The Midlands has a long history as a centre for automotive manufacturing and research and development. It is a key manufacturing location for many automotive manufacturers including Dennis Eagle, GKN Driveline, Toyota Motor Manufacturing, and the UK’s second largest automotive manufacturer, Jaguar Land Rover (JLR). Cars manufactured in the Midlands by JLR and Toyota make up about 44% of the UK’s vehicle production by value.
In response to the UK Government’s decarbonisation policies, the region has also been positioning itself as a specialist in emerging future mobility technologies. This article examines the labour market for the skills the Midlands will need to fulfil its ambitions in low carbon mobility. We have focussed on the low carbon automotive sector, although the region also has ambitions in other low carbon mobility sectors, such as aerospace.
Fig. 1 shows the number of unique Engineering and Manufacturing job postings in the Midlands by companies involved in Manufacture of motor vehicles, trailers, semi-trailers, and other transport equipment. Unique job postings declined rapidly in the Midlands after 2017, before slumping in the early part of the Covid pandemic and accelerating steeply afterwards. The decline in the Midlands data after 2017 mirrors the fortunes of the automotive manufacturing sector, with car production declining from its peak in 2016, and slumping during the pandemic. The chilling effects of Brexit uncertainty are perhaps evident in the pre-pandemic decline.
As demonstrated in Fig. 2 the labour market in the Midlands has begun adjusting to reflect the skills needed to meet low carbon requirements, including the manufacture of electric and hybrid vehicles, with demand increasing
Fig. 3 provides a flavour of what the growing demand for skills in this area actually means in terms of the kind of roles that recruiters are advertising for. Unsurprisingly, it points to an increasing requirement for engineers with expertise in battery technology, power electronics, and electric motor design.
The Midlands is also an important centre for the development of hydrogen fuel cell technology, an alternative form of low carbon mobility which offers the benefit of only emitting water and heat in the creation of electricity. The region is home to several organisations focussed on the development and commercialisation of this technology, including the UK Battery Industrialisation Centre and the Centre for Hydrogen and Fuel Cell Research. Fig. 4 shows that demand for hydrogen skills in the Midlands is starting to increase, as these technologies are developed further.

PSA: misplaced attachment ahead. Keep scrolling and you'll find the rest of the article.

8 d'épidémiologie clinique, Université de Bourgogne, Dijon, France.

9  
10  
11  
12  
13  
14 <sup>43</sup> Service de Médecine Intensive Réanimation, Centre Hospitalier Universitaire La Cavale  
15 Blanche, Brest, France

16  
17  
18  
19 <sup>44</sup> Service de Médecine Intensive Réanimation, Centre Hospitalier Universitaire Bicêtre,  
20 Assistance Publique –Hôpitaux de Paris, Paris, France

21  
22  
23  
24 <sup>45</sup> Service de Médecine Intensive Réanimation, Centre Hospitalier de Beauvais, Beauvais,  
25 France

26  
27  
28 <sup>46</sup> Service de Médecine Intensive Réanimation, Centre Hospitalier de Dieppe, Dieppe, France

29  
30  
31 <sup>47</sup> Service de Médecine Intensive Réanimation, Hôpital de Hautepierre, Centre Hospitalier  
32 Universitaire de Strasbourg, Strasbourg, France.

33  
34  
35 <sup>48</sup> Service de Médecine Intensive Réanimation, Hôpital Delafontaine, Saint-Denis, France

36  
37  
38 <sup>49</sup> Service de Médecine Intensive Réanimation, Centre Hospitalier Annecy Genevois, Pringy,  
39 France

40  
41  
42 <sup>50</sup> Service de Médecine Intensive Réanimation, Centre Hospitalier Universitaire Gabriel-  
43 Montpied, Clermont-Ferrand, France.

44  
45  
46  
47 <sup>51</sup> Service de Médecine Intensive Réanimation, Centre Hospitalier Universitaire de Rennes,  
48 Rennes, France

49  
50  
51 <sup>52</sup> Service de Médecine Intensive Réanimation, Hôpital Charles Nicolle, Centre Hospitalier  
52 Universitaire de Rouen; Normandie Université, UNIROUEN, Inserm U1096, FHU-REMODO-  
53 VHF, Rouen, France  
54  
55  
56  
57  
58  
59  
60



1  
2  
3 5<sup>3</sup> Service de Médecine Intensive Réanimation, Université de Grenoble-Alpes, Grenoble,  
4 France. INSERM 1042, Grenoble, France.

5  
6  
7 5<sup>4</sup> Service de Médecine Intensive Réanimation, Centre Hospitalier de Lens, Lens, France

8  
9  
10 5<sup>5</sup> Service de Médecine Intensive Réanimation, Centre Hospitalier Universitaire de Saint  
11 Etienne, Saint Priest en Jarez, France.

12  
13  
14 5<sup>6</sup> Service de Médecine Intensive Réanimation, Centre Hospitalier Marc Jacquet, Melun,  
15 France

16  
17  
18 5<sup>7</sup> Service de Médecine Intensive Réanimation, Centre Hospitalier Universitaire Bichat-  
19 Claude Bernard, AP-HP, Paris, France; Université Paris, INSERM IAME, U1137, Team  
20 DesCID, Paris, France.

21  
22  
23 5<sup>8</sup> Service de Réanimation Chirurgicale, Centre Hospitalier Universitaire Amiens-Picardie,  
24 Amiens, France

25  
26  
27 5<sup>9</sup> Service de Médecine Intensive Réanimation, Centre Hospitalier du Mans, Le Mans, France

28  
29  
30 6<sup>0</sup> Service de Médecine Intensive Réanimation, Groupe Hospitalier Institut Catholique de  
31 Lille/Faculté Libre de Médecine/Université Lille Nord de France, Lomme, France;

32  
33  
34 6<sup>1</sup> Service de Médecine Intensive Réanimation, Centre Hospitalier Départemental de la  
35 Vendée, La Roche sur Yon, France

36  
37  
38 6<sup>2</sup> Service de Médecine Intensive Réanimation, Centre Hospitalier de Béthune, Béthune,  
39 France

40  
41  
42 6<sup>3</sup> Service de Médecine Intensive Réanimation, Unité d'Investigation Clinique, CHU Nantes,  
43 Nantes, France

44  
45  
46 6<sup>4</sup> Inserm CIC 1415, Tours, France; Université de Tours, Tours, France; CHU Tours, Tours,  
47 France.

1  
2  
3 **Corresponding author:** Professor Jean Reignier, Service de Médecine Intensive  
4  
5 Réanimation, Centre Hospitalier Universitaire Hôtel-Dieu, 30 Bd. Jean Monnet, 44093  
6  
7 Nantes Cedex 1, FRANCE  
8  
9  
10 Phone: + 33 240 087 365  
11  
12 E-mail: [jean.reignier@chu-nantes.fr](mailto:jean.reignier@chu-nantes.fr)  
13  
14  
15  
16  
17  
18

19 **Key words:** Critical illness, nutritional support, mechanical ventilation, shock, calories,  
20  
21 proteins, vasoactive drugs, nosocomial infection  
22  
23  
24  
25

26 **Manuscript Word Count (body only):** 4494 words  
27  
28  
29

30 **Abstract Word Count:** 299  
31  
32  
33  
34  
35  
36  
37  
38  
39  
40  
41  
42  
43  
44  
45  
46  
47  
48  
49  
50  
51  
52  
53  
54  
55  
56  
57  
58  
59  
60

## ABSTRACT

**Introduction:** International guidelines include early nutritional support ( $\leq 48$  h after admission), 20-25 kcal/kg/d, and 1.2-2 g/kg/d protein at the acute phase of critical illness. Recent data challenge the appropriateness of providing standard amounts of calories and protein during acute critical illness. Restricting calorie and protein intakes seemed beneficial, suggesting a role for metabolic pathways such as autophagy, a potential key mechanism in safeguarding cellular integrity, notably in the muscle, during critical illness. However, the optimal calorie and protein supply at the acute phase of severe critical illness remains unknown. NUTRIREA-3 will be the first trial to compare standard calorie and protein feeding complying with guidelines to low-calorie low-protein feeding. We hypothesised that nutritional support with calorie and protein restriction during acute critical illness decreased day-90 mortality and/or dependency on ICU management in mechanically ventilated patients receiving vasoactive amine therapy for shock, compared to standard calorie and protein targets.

In shifting to the production of low carbon automotive technologies, the Midlands is faced with significant challenges in obtaining the skilled workforce required. While many automotive skills transfer across from internal combustion to low carbon vehicles, many of the components and manufacturing processes for low carbon vehicles require new skills.
To address this skills shortage, government and industry are working together to develop training programmes and apprenticeships that focus on low technologies. The Institute for Apprenticeships and Further Education (IfATE), for example, is currently working on a proposal to develop an apprenticeship for Battery Manufacturing Technician, while Enginuity is working with the Auto Council Skills Working Group and DTB to develop and run a pilot of an Upskilling Ecosystem including an intelligent platform which allows employers to match their upskilling requirements to local training provision. The Ecosystem will be designed to bring together the key initiatives in the sector including the skills foresighting hub and the National Electrifications Skills Framework and Forum.
As its automotive manufacturers shift to low carbon vehicle manufacturing, the Midlands needs to work with education and skills stakeholders, to ensure its talent pipeline delivers the new skills it requires, and its existing workforce has the opportunity to upskill effectively.
Comment: Anne Watson - CEO, Enginuity
The automotive industry across the UK is changing to meet the Government’s decarbonisation policies and changing consumer demand. The Midlands is at the forefront of that shift towards future mobility technologies, and it is starting to transform the sector’s skills landscape in the region. While many automotive skills transfer across from internal combustion to low carbon vehicles, new components and manufacturing processes require new skills. The Midlands has a history of adapting to change and has a strong foundation of engineering expertise, making it well-positioned to lead the way in low carbon mobility. Enginuity is developing a skills framework for Engineering and Manufacturing to deliver a range of accessible tools that help engineers transfer and upskill, while also assisting employers in identifying new talent sources. Furthermore, Enginuity is delivering insightful skills intelligence and sector wide collaboration, which will help the Midlands make the most effective sustained investment in skills development and take best advantage of the training programmes and apprenticeships, being developed by Government and industry, that focus on low carbon technologies.
Enginuity is a registered charity which acts as the sector connector for the advanced manufacturing and engineering industry. The organisation marries engineering skills with ingenuity with data to design and constantly improve tools and solutions that enable individuals, employers, education providers and governments to plan and meet their skills and workforce needs. Visit enginuity.org to find out more.